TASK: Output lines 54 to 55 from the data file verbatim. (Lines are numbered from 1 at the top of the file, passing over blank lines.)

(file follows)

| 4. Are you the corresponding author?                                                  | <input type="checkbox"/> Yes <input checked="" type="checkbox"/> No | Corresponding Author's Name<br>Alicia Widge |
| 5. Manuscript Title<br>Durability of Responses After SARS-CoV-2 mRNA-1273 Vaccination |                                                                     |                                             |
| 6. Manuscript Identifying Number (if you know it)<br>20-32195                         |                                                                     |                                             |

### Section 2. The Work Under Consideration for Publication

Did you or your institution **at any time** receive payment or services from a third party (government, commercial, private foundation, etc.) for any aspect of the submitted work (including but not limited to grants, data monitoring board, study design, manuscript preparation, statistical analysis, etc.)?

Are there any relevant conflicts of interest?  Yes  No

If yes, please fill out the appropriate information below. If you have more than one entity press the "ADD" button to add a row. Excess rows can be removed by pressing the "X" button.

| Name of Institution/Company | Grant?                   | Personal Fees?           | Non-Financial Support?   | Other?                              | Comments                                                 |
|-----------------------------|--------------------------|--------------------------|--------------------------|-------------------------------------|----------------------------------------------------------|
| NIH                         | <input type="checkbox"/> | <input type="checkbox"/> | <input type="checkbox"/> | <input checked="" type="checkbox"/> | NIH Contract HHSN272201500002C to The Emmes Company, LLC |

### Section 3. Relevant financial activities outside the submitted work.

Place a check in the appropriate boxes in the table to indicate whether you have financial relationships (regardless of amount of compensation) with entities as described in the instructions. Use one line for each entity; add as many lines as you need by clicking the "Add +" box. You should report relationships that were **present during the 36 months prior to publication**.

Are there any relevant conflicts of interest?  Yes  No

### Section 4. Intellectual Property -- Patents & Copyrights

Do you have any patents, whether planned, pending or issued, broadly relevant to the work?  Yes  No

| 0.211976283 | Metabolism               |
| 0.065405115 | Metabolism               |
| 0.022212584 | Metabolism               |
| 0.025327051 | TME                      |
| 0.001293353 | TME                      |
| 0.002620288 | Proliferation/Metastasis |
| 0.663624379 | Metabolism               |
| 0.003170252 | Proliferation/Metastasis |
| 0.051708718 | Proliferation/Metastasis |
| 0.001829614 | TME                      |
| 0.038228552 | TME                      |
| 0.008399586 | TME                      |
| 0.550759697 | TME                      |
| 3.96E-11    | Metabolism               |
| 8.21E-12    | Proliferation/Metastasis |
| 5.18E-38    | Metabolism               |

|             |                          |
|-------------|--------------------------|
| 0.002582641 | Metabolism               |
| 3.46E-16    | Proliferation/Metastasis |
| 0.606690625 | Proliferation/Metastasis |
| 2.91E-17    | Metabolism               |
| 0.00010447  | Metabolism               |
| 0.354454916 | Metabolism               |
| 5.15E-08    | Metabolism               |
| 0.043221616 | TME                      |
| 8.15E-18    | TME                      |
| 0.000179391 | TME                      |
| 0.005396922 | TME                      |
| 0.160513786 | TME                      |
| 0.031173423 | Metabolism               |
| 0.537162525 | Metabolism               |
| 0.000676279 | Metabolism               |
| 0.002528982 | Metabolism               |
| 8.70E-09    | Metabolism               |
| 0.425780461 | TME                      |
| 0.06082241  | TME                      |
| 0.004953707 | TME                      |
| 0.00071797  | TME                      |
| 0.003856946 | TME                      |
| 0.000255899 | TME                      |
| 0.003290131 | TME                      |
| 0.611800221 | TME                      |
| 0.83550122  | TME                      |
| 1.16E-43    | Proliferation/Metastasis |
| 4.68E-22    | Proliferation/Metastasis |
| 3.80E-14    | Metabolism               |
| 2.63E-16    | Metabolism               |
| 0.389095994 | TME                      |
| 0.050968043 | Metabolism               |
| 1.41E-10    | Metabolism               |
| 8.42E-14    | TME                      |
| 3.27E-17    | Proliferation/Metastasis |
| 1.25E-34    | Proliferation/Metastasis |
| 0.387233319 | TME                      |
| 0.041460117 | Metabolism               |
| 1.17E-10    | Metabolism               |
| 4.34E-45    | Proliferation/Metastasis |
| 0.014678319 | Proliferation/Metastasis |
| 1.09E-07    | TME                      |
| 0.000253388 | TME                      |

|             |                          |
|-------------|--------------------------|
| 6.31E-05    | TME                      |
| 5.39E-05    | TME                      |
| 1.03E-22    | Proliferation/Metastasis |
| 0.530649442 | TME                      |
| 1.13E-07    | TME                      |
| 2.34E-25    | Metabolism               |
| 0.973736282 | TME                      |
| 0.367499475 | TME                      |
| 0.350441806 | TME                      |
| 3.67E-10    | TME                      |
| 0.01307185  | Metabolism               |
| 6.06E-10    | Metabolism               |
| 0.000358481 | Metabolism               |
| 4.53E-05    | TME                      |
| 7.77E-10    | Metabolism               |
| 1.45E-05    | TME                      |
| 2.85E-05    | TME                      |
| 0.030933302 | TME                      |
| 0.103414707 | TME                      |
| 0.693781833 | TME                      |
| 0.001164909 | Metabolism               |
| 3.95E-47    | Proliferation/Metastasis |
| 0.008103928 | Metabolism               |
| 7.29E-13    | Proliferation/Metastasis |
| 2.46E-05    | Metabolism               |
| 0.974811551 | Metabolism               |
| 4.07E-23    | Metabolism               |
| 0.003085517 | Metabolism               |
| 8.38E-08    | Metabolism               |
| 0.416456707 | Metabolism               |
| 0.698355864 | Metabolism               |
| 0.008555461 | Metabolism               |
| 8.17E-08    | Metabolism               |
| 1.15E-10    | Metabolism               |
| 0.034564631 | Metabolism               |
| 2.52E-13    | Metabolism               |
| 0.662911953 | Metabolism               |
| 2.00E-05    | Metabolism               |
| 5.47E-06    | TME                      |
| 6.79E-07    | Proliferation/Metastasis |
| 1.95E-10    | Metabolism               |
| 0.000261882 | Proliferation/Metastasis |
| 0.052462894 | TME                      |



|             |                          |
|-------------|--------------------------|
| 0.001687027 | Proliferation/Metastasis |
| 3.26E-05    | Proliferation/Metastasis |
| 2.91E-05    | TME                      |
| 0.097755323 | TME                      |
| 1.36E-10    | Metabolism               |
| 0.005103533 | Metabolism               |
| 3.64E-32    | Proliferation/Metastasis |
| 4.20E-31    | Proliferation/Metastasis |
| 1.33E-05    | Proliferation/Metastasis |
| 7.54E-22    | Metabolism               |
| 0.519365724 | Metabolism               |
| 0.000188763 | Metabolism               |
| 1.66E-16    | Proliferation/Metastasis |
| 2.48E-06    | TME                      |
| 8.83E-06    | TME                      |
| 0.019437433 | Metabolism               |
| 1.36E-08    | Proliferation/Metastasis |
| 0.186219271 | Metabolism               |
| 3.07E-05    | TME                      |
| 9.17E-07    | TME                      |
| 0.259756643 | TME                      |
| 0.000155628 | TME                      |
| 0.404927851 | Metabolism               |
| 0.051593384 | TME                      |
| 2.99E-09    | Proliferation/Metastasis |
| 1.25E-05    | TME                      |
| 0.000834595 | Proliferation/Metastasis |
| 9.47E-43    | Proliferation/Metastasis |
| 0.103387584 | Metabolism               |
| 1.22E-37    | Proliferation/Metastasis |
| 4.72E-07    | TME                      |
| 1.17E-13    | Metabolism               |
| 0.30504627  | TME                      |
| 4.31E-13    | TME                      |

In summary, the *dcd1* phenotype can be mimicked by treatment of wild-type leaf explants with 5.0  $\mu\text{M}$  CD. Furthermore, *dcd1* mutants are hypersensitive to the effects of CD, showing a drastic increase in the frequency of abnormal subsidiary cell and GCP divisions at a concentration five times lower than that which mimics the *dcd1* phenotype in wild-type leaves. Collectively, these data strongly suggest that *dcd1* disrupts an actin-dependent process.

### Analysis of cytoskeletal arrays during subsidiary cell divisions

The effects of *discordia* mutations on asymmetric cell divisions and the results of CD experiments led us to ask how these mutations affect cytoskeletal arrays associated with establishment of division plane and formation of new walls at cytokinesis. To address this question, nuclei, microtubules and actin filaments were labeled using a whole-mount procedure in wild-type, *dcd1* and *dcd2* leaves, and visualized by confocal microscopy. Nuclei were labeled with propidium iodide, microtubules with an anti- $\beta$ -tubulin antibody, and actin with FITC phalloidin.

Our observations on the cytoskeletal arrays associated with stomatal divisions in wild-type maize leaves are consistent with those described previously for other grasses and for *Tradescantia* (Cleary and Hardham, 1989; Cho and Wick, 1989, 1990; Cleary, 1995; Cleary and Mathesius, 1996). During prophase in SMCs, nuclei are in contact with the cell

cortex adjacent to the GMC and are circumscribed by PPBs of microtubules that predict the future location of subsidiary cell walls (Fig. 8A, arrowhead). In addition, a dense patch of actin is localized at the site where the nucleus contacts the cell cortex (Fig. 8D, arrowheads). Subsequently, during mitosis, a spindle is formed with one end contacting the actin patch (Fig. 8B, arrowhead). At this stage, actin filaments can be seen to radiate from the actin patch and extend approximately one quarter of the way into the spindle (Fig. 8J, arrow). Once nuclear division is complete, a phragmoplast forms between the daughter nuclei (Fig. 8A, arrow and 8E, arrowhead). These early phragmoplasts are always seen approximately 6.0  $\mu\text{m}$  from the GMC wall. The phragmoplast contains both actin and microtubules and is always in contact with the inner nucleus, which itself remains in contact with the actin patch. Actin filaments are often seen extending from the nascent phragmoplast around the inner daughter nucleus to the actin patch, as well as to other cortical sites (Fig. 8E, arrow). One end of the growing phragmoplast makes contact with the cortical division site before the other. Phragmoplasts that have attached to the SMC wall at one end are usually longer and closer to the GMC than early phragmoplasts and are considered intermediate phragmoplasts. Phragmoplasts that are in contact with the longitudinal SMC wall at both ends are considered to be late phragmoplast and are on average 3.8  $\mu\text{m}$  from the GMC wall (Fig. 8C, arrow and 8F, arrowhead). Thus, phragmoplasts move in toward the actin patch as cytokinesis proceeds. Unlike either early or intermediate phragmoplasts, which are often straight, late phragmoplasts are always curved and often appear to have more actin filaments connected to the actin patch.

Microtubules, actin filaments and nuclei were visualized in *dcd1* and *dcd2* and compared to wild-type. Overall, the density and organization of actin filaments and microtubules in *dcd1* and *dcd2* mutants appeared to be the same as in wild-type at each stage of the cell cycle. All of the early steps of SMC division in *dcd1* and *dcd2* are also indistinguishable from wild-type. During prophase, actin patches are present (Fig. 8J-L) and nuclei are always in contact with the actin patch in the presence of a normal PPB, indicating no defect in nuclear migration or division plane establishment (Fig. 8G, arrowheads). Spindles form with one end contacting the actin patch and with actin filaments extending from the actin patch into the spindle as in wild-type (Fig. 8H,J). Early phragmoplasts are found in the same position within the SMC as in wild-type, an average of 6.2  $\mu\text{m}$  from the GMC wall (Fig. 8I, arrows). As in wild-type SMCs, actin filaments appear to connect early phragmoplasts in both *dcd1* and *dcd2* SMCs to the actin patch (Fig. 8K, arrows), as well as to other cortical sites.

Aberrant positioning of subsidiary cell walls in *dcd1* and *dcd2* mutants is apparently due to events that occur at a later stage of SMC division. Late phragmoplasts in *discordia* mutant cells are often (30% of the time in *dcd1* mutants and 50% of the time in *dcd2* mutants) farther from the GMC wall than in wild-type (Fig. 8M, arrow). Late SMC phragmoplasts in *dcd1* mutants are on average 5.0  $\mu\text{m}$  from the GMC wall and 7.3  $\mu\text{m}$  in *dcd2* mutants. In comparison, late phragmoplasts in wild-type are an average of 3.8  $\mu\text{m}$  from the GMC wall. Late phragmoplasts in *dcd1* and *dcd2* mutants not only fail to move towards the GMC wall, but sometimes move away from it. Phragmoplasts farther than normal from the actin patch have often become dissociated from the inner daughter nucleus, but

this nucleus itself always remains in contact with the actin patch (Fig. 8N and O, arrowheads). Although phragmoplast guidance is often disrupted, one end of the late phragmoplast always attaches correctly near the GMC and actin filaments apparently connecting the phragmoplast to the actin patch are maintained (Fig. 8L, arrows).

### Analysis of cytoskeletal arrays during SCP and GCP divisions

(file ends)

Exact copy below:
| 0.00071797  | TME                      |
| 0.003856946 | TME                      |